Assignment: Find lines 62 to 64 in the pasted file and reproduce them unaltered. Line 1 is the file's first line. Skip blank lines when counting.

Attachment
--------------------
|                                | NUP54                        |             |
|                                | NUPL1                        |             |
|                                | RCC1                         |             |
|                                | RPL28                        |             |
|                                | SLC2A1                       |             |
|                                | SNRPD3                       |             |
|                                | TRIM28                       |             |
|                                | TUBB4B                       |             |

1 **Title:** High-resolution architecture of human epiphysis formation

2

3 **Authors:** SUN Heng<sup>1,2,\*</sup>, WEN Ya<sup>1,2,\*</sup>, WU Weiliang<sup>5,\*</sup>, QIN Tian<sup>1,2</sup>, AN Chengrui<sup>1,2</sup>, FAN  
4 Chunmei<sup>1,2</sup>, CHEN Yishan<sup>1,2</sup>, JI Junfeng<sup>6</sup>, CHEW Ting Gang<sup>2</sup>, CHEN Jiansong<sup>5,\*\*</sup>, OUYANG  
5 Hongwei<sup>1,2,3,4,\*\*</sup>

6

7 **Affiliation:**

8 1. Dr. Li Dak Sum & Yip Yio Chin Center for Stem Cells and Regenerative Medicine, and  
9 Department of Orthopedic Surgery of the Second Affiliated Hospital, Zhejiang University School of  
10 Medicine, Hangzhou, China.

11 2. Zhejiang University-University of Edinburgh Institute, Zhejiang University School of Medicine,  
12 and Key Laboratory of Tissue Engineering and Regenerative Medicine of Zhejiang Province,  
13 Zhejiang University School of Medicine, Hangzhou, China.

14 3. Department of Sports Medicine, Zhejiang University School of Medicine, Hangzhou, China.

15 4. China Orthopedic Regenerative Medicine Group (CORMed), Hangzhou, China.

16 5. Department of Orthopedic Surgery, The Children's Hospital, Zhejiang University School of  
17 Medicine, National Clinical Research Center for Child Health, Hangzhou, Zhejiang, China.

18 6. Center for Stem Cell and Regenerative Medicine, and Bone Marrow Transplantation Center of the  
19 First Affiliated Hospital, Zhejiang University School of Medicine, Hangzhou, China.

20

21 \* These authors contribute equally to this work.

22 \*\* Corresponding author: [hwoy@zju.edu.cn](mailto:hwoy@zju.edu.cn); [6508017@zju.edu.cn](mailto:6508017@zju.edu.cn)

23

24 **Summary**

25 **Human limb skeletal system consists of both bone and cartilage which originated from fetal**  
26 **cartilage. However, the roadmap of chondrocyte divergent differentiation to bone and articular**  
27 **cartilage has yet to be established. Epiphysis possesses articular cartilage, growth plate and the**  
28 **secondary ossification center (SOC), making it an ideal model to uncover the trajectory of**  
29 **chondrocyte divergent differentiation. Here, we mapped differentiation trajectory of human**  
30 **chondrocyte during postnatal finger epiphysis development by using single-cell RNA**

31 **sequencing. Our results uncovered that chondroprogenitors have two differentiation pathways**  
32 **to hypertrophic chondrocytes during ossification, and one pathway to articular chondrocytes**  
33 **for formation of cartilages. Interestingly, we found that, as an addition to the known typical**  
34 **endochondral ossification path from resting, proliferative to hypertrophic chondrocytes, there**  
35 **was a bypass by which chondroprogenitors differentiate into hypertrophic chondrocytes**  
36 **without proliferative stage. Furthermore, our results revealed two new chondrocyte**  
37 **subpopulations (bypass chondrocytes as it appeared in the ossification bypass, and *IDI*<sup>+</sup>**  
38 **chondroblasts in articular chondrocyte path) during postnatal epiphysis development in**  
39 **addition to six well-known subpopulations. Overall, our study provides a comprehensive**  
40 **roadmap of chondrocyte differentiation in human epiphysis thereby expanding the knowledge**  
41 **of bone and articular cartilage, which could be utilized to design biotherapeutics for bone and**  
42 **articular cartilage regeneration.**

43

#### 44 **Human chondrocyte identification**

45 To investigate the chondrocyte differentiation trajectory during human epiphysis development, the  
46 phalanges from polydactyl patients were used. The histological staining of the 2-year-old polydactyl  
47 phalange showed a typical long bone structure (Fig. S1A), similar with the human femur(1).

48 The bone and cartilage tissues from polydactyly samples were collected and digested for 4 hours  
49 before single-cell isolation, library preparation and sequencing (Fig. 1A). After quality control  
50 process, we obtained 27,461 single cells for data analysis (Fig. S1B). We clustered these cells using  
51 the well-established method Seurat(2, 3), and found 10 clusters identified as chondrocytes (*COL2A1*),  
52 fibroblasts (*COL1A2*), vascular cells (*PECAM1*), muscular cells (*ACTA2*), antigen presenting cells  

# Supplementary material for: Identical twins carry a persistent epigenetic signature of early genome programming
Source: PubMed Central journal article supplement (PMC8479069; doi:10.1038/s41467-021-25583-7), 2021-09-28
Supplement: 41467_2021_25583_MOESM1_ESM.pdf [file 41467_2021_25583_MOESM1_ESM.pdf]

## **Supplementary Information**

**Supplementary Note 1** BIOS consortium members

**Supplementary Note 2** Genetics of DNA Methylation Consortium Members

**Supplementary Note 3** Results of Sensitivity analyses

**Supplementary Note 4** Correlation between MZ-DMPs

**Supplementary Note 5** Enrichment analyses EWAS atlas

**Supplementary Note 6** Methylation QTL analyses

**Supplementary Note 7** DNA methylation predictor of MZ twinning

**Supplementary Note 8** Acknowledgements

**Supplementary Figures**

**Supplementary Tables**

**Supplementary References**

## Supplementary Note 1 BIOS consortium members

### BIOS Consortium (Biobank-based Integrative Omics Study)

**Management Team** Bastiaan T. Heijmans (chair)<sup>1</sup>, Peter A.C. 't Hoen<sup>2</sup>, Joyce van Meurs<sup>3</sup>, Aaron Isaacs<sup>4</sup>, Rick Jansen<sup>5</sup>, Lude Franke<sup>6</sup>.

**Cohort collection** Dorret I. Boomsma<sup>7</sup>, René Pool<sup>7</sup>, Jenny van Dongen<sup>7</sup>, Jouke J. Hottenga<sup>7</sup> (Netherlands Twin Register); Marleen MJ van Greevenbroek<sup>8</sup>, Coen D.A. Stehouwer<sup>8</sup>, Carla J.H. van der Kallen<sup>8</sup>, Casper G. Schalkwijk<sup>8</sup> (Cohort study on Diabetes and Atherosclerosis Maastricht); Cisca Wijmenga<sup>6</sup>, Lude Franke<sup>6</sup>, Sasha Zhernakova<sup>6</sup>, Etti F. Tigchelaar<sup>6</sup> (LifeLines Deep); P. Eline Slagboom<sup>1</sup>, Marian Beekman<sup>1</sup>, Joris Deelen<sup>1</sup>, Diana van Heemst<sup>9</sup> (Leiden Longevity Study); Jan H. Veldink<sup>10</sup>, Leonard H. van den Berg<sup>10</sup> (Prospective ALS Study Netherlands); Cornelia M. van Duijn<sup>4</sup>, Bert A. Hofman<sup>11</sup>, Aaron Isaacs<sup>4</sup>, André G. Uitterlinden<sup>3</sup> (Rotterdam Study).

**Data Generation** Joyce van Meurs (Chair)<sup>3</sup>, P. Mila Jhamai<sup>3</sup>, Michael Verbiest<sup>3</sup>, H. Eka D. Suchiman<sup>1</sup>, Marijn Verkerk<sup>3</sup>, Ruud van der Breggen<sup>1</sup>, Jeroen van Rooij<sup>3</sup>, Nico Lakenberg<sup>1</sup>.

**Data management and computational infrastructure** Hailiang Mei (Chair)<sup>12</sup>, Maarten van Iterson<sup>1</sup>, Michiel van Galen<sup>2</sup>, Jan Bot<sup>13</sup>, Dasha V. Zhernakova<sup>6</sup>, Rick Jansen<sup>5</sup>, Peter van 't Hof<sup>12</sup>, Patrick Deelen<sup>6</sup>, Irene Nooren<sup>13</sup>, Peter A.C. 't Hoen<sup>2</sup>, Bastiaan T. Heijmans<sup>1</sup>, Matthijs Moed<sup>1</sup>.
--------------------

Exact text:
Source: PubMed Central journal article supplement (PMC8479069; doi:10.1038/s41467-021-25583-7), 2021-09-28
Supplement: 41467_2021_25583_MOESM1_ESM.pdf [file 41467_2021_25583_MOESM1_ESM.pdf]

## **Supplementary Information**